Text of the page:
The Usual Suspects?

Trawling through Bristol’s 18th century newspapers, came upon a series of reports in the 1770s of street lamps being smashed. It was automatically assumed by the authorities that it was young tearaways that were to blame. Young males, especially schoolboys and apprentices were often noted as being out of control. To try ot control this, masters were supposed to be fined if they failed to take their apprentices to church on Sundays, and those at church schools had no choice in the matter.

People think teen rebellion is a new thing, but there are some very startling examples of students and apprentices rioting. This happened at the universities in Europe as well. My favourite was some boys at a Bristol school who stocked up on food, and held their master hostage at gunpoint. I can’t remember how this happened – think they disliked his teaching.

But back to the lamps, this was an ongoing problem for some time, to the extent that rewards were offered for information leading to convictions. But then there was a letter from an anonymous gent published that put the vandalism into – quite literally – a different light.  He complained about the tenders for maintaining the oil in the lamps failing to fulfil their contracts. Instead of supplying enough oil for the lamps to burn all night, by the time this gent was staggering home from a night out with his friends at around 2 or 3  am, the lamps were spluttering out. He found this outrageous, so admitted to smashing the lamps with his walking stick to teach the fraudsters a lesson.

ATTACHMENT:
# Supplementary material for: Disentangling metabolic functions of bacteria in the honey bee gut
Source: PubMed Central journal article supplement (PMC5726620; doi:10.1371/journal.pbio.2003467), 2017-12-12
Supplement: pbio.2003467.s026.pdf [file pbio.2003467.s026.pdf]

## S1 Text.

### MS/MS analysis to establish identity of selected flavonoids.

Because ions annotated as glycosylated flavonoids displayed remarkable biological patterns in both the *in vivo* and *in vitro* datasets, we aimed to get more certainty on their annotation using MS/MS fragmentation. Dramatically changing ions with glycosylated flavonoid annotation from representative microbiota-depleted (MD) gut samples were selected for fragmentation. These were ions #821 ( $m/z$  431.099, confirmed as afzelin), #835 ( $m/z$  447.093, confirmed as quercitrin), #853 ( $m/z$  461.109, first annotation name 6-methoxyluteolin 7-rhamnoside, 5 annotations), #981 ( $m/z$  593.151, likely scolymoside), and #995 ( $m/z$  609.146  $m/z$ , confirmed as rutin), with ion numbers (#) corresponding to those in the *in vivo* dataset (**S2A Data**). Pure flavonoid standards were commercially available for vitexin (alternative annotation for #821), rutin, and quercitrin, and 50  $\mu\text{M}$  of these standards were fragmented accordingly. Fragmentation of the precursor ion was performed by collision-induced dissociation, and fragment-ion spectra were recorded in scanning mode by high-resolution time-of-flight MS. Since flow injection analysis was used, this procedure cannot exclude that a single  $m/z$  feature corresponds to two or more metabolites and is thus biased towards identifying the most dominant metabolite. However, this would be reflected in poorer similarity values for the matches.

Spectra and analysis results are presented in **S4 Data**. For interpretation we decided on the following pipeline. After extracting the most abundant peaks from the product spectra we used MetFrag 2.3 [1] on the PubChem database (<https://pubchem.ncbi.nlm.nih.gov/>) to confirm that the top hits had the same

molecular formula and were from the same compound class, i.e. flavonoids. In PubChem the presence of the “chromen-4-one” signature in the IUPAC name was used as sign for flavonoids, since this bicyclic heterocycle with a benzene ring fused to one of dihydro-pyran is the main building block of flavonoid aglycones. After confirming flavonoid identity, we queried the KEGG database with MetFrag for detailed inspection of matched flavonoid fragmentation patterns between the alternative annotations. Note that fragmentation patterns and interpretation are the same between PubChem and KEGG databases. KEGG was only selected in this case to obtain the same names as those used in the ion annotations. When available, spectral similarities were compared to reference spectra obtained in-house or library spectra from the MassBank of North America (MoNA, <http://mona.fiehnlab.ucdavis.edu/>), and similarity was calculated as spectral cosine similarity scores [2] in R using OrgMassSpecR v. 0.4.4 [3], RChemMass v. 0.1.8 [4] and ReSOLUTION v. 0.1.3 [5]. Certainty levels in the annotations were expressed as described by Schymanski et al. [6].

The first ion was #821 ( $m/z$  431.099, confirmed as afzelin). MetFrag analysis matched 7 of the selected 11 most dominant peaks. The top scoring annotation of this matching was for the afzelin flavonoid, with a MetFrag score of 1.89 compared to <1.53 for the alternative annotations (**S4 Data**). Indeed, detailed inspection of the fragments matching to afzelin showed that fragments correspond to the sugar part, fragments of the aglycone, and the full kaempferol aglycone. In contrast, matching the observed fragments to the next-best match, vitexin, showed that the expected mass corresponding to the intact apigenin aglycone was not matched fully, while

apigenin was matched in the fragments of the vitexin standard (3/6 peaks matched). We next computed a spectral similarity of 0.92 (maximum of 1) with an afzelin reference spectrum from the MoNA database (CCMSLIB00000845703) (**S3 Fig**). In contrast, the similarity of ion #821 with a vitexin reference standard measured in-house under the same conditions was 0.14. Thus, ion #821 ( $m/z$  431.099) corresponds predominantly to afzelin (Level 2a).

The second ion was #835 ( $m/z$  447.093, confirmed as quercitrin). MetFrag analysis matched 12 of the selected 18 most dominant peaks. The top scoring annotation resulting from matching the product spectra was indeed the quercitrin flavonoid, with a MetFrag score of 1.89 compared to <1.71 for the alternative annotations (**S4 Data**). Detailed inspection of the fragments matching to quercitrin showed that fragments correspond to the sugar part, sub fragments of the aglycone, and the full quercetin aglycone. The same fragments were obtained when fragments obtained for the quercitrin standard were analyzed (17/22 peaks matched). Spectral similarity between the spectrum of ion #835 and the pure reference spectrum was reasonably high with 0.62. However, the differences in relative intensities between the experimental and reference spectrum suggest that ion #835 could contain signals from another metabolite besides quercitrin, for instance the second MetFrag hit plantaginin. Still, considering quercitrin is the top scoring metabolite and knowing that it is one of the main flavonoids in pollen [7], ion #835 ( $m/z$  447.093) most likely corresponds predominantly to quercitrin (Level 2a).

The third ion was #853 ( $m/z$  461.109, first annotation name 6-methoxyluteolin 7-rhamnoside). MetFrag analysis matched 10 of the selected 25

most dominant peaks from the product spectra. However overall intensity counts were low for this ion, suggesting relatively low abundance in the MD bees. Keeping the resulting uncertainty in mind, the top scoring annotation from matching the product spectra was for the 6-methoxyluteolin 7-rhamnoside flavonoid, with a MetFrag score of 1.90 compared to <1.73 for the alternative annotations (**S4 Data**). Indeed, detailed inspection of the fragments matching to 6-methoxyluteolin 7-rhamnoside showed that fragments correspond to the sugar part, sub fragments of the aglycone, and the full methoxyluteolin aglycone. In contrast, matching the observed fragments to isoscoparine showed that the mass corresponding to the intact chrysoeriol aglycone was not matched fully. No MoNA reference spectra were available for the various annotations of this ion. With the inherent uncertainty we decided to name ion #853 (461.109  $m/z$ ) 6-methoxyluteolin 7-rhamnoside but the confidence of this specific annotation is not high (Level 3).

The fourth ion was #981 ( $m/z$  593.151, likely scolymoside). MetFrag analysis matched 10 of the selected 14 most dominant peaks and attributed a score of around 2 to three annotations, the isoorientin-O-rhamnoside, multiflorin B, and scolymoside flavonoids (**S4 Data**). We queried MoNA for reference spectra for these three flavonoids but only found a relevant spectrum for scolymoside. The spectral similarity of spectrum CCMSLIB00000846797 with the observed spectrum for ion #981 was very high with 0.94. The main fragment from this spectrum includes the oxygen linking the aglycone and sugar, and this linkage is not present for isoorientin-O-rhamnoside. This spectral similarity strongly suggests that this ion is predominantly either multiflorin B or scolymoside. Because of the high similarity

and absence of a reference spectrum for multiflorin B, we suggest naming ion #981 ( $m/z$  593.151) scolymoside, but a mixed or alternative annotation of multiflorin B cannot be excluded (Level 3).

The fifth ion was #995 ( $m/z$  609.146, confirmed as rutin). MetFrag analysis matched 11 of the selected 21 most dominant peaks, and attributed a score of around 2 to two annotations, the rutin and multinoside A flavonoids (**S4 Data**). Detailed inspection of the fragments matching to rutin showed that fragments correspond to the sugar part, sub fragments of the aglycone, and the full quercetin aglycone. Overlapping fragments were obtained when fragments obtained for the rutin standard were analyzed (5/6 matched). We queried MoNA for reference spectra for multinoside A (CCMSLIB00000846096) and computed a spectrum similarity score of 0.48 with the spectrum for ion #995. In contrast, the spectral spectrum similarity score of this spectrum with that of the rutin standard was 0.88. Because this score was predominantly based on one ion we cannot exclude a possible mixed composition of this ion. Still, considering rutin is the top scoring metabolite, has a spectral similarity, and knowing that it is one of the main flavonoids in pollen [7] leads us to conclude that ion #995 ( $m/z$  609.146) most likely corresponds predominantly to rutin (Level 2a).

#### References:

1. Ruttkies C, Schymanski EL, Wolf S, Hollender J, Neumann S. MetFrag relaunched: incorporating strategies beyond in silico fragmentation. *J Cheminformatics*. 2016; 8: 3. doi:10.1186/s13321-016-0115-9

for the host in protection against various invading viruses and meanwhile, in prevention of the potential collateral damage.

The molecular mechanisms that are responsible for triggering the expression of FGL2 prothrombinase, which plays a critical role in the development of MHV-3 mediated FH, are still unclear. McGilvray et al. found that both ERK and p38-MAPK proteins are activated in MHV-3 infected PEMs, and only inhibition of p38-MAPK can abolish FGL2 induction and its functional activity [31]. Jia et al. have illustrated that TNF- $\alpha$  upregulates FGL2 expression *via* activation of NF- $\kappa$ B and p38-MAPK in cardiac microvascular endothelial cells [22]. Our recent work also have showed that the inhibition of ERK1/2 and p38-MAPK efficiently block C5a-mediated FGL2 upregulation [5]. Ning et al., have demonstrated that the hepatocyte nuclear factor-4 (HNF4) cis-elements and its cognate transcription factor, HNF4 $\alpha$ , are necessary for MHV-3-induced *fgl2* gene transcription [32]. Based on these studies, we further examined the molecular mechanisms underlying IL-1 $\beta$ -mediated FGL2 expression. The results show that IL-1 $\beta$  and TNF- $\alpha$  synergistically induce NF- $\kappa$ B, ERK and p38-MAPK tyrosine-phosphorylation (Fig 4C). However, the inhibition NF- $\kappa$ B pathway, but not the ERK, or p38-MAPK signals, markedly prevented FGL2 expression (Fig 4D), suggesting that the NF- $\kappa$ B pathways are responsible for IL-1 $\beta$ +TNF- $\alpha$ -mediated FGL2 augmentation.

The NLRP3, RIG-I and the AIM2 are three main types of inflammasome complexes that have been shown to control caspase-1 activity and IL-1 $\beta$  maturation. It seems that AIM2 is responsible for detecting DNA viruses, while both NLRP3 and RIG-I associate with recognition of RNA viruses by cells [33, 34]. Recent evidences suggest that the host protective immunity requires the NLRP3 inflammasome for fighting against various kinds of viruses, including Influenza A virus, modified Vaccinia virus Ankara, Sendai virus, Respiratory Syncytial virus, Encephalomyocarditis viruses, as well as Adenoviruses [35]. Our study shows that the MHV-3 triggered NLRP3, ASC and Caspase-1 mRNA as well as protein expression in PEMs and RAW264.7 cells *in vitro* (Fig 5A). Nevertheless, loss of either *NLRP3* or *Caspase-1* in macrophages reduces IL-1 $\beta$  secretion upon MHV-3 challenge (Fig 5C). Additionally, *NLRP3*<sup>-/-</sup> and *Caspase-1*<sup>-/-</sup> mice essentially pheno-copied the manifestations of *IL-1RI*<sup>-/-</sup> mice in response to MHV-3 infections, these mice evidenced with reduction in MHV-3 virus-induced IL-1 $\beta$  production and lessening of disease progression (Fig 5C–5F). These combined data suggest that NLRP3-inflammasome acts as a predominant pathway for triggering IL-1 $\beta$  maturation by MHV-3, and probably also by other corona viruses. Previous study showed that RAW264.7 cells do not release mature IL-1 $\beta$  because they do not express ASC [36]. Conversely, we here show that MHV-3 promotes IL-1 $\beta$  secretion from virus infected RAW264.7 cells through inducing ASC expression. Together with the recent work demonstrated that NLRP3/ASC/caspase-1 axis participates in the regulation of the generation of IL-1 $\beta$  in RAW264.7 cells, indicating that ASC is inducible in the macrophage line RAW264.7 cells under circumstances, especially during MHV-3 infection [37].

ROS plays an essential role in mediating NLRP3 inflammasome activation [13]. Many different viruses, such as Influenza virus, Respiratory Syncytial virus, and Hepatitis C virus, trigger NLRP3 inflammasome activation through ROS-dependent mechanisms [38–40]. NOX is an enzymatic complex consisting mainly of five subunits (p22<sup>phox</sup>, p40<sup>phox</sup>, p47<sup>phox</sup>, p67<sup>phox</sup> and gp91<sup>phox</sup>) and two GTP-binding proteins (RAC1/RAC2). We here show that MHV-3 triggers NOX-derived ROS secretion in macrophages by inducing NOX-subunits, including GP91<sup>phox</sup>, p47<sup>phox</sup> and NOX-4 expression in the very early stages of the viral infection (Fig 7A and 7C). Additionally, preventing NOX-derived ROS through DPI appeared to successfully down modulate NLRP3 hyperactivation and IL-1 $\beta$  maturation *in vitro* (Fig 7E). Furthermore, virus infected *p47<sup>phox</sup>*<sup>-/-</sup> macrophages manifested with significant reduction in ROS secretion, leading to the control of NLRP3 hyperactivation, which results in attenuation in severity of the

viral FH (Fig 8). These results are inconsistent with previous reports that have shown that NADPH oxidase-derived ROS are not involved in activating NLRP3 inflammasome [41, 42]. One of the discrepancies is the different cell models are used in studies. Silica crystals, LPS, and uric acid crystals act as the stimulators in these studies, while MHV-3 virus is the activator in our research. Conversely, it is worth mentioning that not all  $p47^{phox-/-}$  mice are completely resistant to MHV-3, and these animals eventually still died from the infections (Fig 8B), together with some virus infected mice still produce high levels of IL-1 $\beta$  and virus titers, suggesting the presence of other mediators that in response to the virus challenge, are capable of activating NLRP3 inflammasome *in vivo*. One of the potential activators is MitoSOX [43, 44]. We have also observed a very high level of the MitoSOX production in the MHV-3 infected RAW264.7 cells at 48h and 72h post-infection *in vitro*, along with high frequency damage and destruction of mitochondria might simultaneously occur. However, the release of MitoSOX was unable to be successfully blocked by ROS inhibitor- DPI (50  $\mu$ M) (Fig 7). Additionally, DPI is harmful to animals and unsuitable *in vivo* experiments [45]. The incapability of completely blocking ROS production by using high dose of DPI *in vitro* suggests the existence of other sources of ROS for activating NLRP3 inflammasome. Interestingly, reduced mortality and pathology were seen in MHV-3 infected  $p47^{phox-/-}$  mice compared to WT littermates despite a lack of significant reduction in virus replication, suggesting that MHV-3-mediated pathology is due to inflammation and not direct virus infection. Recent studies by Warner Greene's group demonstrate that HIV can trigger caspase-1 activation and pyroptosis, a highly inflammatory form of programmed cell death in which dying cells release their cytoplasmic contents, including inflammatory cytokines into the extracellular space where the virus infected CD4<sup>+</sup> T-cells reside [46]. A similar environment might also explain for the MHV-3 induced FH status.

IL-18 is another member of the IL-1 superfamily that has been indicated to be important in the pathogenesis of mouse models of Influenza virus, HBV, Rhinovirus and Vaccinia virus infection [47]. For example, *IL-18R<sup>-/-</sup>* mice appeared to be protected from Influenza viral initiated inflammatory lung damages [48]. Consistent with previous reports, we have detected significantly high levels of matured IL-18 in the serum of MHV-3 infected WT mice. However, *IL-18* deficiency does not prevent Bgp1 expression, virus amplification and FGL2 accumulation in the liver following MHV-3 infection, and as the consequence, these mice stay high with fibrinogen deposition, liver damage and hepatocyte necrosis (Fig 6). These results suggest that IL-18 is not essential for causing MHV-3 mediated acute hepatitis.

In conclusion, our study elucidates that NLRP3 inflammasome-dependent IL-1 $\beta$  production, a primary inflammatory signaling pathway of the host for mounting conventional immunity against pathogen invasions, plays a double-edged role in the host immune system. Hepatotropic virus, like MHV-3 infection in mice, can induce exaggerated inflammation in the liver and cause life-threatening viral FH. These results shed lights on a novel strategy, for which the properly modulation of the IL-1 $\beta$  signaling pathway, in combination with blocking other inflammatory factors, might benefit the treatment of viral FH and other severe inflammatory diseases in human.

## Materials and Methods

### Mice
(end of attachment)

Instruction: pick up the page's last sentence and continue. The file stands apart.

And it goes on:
So for once, the kids were innocent. This also shows that failing to provide proper public services is also not a new thing.

There is another anecdote which I’m pretty sure is apocryphal, but that seems to fit in with this.

A gent from about the same time found a lad smashing windows. He ordered him to stop, but the lad said, he was just following orders from his employer, who was a glazier in need of work. The gent responded by hitting the boy over the head with his walking stick, saying, “I’m a surgeon. That’s good for my business.”

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